CBA resolution calls for limits on disclosure of non-criminal records
We need legislation to protect people’s privacy – especially those who are marginalized.
Anyone who’s ever watched a cop show knows that the perpetrator is often caught thanks to a fingerprint left at the scene.
What’s less well-known is that even minor interactions we have with the criminal justice system can leave a fingerprint on the record – literal or virtual. Someone looking for a job or a travel visa can be tripped up because they were once implicated in an investigation, even if they were never charged with or found guilty of an offence.
One of the three resolutions up for discussion at this year’s AGM would have the CBA urge governments of all levels to limit the disclosure of non-conviction information that resides in law-enforcement databases, as well as to provide a way for people to review that information and address any errors or immaterial content.
“It’s an important initiative that legislation could support to protect people’s privacy and protect people who are marginalized,” says Tony Paisana, L&LR Coordinator for the CBA’s Criminal Justice Section. “Numerous studies have concluded that people from marginalized and racialized communities are far more likely to interact with police at a disproportionate rate, and these non-conviction records are created at a much higher rate with respect to these people who are already at a disadvantage.” To see their opportunity at getting a job or an education thwarted because of a record that they had no opportunity to challenge does not reflect our Charter values, he says.
In November 2018, legislation came into effect in Ontario — the first of its kind in Canada — that outlines what can and cannot be included in a police background check. The new rules were endorsed by the Ontario Chiefs of Police and significantly limit the ability to disclose non-conviction information.
The CBA’s Criminal Justice Section addressed the issue in a 2016 submission during a review of the federal Criminal Records Act. “A ‘fingerprint’ can be created from investigations, charges, withdrawals and other practices not resulting in convictions,” the submission reads. “The subject of what, if any, non-conviction information should be disclosed by police is a matter deserving of further consideration by Parliament.”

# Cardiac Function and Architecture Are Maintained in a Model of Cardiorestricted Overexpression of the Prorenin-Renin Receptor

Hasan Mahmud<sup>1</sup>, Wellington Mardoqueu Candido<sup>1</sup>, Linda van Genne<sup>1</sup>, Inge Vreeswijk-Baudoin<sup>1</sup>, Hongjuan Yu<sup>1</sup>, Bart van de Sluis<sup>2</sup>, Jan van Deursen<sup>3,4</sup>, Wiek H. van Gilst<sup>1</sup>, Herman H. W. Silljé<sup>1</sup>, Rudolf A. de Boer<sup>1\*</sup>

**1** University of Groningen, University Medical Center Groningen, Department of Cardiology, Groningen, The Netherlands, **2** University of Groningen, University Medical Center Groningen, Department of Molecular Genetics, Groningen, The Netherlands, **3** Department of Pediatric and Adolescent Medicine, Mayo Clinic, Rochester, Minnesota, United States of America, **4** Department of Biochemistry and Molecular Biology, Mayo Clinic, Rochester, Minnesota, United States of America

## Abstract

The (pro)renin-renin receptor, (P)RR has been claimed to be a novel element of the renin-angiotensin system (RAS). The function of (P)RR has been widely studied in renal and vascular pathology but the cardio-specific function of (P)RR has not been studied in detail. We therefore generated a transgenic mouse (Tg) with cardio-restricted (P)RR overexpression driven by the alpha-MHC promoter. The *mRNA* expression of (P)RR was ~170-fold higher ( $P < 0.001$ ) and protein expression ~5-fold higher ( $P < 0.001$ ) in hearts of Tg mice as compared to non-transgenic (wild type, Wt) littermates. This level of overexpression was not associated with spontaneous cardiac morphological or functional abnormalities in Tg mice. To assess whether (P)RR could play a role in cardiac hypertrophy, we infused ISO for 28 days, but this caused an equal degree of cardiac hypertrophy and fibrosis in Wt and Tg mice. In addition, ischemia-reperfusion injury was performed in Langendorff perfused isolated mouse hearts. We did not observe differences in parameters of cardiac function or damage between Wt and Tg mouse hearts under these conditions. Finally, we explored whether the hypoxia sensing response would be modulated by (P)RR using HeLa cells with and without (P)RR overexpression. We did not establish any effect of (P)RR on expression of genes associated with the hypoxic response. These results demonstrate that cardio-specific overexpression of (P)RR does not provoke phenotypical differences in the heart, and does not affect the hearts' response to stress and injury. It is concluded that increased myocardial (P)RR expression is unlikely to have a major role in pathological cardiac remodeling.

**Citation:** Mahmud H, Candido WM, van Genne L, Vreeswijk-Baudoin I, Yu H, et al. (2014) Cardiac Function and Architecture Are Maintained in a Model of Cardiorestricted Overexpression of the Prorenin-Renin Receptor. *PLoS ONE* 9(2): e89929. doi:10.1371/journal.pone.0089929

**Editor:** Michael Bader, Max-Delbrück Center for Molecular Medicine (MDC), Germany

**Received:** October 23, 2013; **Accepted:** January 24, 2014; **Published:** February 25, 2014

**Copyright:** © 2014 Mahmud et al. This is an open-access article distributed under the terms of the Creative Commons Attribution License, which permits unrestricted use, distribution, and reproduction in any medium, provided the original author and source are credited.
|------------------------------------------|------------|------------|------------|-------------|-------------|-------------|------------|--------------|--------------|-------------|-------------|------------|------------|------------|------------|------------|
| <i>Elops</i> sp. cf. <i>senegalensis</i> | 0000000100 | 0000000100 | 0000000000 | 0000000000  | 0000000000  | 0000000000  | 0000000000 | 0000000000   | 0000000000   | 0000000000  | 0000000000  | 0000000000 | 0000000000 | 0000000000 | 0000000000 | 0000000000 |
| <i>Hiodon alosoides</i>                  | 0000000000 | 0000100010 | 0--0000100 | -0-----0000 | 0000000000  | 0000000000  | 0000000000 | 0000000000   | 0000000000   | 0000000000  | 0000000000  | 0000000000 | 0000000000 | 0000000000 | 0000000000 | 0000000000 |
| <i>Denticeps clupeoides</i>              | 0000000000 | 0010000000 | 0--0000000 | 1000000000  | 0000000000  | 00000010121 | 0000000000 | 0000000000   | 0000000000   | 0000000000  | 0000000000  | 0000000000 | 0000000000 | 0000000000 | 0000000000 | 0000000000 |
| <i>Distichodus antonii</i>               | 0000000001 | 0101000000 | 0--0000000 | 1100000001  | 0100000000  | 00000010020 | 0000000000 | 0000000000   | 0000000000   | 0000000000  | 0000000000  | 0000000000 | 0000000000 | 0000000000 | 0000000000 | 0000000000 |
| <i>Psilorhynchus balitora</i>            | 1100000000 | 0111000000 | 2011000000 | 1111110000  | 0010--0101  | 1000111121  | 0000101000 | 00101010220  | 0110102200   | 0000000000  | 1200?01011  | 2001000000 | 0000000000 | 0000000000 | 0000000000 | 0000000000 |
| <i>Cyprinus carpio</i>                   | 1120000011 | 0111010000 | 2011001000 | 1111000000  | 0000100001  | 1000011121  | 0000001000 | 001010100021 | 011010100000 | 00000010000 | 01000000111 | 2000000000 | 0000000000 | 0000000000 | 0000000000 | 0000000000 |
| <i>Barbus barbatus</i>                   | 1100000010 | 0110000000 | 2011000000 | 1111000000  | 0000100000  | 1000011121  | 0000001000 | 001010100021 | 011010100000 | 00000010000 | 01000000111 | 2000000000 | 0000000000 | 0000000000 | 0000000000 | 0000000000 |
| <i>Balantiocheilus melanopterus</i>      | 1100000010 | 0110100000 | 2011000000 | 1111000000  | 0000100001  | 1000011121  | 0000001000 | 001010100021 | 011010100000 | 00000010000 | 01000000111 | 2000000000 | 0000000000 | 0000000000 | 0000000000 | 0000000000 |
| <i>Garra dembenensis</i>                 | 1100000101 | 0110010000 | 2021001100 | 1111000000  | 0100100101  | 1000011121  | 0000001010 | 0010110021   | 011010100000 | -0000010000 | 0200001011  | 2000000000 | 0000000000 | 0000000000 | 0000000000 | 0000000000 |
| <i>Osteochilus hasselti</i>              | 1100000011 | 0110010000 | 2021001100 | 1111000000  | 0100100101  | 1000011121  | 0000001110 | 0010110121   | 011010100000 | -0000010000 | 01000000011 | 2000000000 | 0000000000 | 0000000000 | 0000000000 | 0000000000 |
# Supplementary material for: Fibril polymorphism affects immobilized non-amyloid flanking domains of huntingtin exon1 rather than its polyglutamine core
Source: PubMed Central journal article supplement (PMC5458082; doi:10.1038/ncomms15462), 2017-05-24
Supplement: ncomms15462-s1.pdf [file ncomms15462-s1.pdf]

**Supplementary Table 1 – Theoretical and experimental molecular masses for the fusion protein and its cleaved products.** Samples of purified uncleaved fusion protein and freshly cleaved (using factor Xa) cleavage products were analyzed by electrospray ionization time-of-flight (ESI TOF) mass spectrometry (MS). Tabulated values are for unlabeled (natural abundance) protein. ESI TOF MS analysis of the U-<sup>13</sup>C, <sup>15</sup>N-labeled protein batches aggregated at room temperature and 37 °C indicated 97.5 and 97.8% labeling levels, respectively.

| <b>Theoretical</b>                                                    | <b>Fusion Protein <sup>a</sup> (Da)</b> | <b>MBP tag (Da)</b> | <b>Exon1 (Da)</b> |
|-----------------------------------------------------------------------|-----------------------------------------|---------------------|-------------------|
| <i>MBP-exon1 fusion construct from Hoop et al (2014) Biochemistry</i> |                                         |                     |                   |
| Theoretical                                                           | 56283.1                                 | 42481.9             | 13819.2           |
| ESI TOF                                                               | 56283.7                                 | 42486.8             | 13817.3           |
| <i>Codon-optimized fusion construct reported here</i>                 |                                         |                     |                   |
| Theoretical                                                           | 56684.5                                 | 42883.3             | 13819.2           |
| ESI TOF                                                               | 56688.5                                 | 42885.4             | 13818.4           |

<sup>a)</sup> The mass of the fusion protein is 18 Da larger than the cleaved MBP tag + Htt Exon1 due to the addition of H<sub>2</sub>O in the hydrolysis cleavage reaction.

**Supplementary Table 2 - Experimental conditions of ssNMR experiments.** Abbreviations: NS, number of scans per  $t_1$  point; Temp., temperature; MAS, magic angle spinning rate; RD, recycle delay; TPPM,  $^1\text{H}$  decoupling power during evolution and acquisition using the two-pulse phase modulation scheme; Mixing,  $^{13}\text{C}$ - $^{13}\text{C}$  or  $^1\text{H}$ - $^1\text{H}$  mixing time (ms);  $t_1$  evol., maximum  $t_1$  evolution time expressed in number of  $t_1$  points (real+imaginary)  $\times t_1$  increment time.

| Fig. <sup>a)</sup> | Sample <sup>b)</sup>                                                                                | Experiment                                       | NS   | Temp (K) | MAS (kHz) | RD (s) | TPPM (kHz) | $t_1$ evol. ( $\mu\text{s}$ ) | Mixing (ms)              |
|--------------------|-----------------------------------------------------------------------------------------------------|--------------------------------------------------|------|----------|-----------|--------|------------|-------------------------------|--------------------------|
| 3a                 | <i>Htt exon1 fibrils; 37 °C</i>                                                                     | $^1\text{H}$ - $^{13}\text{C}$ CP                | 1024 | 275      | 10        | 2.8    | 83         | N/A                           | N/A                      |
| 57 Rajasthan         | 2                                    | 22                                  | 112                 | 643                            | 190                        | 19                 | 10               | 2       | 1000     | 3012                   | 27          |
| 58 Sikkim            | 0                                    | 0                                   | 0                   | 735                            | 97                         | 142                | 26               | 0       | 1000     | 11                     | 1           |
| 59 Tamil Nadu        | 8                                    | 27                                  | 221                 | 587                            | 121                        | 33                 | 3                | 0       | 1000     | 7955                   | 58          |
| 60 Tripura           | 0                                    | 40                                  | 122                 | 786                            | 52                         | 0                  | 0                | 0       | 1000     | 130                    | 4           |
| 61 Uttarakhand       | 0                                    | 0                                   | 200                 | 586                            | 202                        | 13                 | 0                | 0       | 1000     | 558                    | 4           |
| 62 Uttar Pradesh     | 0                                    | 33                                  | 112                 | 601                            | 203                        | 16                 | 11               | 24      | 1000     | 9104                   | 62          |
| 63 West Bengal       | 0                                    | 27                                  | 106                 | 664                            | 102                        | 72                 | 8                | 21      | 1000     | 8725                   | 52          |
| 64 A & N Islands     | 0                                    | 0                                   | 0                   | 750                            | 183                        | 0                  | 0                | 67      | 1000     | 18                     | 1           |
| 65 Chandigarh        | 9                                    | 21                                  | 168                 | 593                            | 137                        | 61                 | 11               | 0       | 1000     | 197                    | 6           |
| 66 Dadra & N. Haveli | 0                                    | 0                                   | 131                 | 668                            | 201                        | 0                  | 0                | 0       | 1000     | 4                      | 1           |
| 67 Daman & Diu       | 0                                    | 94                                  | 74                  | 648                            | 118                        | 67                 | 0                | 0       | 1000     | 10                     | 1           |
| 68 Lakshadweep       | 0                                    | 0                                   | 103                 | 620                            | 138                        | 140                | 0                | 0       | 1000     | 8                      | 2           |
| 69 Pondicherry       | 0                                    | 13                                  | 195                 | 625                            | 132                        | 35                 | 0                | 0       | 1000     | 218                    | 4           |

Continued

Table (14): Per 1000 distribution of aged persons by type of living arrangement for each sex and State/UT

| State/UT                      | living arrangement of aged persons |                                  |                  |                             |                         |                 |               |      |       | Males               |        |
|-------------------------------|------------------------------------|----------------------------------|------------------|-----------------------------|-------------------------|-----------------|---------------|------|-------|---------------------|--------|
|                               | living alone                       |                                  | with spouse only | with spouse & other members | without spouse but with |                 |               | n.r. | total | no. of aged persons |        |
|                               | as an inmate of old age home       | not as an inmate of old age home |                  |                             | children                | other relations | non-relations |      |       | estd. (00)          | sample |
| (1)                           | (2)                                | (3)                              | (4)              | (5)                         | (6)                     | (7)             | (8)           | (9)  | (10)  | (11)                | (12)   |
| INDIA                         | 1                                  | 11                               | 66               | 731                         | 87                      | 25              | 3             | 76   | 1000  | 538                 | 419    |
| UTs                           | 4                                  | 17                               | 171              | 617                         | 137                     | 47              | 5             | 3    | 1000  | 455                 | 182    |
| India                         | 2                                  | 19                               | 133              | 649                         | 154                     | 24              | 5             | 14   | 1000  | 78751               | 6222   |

While the Criminal Records Act provides for records of absolute and conditional discharges to be expunged after a period of time, there is no such provision for stays of proceedings or withdrawal of charges, the submission notes, adding, “in our experience, those records routinely appear as part of criminal records checks.”
In its 2017 report, Collateral Consequences of Criminal Convictions, the CBA notes that there are no specific statutory provisions directing how police should deal with most non-conviction dispositions in their records. Police records can be stored in local, provincial, territorial and national databases, and local police generally decide, within established limits, what to upload to the national database, where it is available to law enforcement agents across the country. A national database can contain information like “investigative notations, police flags of observed suicide-related calls or behaviour, pending charges” and, if the time limitations haven’t passed, absolute or conditional discharges.
“This means that a variety of non-conviction records, including withdrawn charges, acquittals, mental health act apprehensions and suspect information, can be included in different levels of record checks,” the report says. “Although federal, provincial and territorial privacy legislation restricts the information police can release, record checks generally operate based on an applicant’s consent to release of the information. Consent may be a sufficient basis to authorize the release of non-conviction information under some privacy statutes.”
A wide range of the information included in national databases is also made available to international law enforcement agents, leading to Canadians being denied entry into the U.S., or refused permission to participate in “trusted traveller” programs like Nexus “due to non-conviction dispositions and mental health-related police contact records.” That denial then creates an entry in U.S. databases, where it is likely to remain, the report says.
Travel is just one area of concern – job seekers or would-be volunteers needing a security clearance, people seeking housing, or those involved in matters before family courts can also see their cases tarnished by the fingerprints they leave in the criminal justice system.
What do you think about the resolution? This year we’ve set up a discussion board where you can have your say – all you need is your member number to log in. If you want to propose an amendment to the resolution, send it to email@example.com no later than Jan. 25.